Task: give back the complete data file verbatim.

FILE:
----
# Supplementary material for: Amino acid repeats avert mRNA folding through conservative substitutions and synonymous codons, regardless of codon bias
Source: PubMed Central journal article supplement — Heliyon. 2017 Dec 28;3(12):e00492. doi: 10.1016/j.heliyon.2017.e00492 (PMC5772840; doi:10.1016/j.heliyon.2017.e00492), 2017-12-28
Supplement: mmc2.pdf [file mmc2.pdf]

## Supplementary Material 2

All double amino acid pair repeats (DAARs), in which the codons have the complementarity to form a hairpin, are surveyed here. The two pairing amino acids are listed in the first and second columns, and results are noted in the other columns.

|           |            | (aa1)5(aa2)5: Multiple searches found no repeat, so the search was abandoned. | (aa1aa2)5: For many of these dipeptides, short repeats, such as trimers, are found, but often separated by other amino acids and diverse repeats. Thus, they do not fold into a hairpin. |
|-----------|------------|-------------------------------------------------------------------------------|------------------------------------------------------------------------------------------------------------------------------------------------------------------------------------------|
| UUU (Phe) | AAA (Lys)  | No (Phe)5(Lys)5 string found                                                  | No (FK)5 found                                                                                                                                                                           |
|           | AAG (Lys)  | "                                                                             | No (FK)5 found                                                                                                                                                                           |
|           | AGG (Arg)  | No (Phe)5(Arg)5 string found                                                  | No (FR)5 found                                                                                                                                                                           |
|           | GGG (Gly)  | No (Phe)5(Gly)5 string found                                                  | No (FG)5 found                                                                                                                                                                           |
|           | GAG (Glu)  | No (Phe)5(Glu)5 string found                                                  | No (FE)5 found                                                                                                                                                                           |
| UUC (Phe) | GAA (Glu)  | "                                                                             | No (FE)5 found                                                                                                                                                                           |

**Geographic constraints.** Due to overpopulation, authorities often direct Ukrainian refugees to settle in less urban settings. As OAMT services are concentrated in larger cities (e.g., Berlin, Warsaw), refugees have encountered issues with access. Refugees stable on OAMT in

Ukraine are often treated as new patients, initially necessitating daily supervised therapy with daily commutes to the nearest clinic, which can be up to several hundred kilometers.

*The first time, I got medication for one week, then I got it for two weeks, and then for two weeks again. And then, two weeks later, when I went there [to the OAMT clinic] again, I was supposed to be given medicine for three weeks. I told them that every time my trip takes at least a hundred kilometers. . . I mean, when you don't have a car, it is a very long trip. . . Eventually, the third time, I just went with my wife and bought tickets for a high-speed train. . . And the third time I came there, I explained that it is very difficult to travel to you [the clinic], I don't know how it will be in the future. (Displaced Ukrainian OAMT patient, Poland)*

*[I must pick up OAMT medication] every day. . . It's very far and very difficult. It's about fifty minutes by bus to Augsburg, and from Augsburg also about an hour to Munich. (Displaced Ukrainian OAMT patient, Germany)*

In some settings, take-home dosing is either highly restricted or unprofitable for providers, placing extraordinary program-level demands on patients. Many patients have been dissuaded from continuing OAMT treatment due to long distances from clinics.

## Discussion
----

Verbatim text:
# Supplementary material for: Amino acid repeats avert mRNA folding through conservative substitutions and synonymous codons, regardless of codon bias
Source: PubMed Central journal article supplement — Heliyon. 2017 Dec 28;3(12):e00492. doi: 10.1016/j.heliyon.2017.e00492 (PMC5772840; doi:10.1016/j.heliyon.2017.e00492), 2017-12-28
Supplement: mmc2.pdf [file mmc2.pdf]

## Supplementary Material 2

All double amino acid pair repeats (DAARs), in which the codons have the complementarity to form a hairpin, are surveyed here. The two pairing amino acids are listed in the first and second columns, and results are noted in the other columns.

|           |            | (aa1)5(aa2)5: Multiple searches found no repeat, so the search was abandoned. | (aa1aa2)5: For many of these dipeptides, short repeats, such as trimers, are found, but often separated by other amino acids and diverse repeats. Thus, they do not fold into a hairpin. |
|-----------|------------|-------------------------------------------------------------------------------|------------------------------------------------------------------------------------------------------------------------------------------------------------------------------------------|
| UUU (Phe) | AAA (Lys)  | No (Phe)5(Lys)5 string found                                                  | No (FK)5 found                                                                                                                                                                           |
|           | AAG (Lys)  | "                                                                             | No (FK)5 found                                                                                                                                                                           |
|           | AGG (Arg)  | No (Phe)5(Arg)5 string found                                                  | No (FR)5 found                                                                                                                                                                           |
|           | GGG (Gly)  | No (Phe)5(Gly)5 string found                                                  | No (FG)5 found                                                                                                                                                                           |
|           | GAG (Glu)  | No (Phe)5(Glu)5 string found                                                  | No (FE)5 found                                                                                                                                                                           |
| UUC (Phe) | GAA (Glu)  | "                                                                             | No (FE)5 found                                                                                                                                                                           |

**Geographic constraints.** Due to overpopulation, authorities often direct Ukrainian refugees to settle in less urban settings. As OAMT services are concentrated in larger cities (e.g., Berlin, Warsaw), refugees have encountered issues with access. Refugees stable on OAMT in

Ukraine are often treated as new patients, initially necessitating daily supervised therapy with daily commutes to the nearest clinic, which can be up to several hundred kilometers.

*The first time, I got medication for one week, then I got it for two weeks, and then for two weeks again. And then, two weeks later, when I went there [to the OAMT clinic] again, I was supposed to be given medicine for three weeks. I told them that every time my trip takes at least a hundred kilometers. . . I mean, when you don't have a car, it is a very long trip. . . Eventually, the third time, I just went with my wife and bought tickets for a high-speed train. . . And the third time I came there, I explained that it is very difficult to travel to you [the clinic], I don't know how it will be in the future. (Displaced Ukrainian OAMT patient, Poland)*

*[I must pick up OAMT medication] every day. . . It's very far and very difficult. It's about fifty minutes by bus to Augsburg, and from Augsburg also about an hour to Munich. (Displaced Ukrainian OAMT patient, Germany)*

In some settings, take-home dosing is either highly restricted or unprofitable for providers, placing extraordinary program-level demands on patients. Many patients have been dissuaded from continuing OAMT treatment due to long distances from clinics.

## Discussion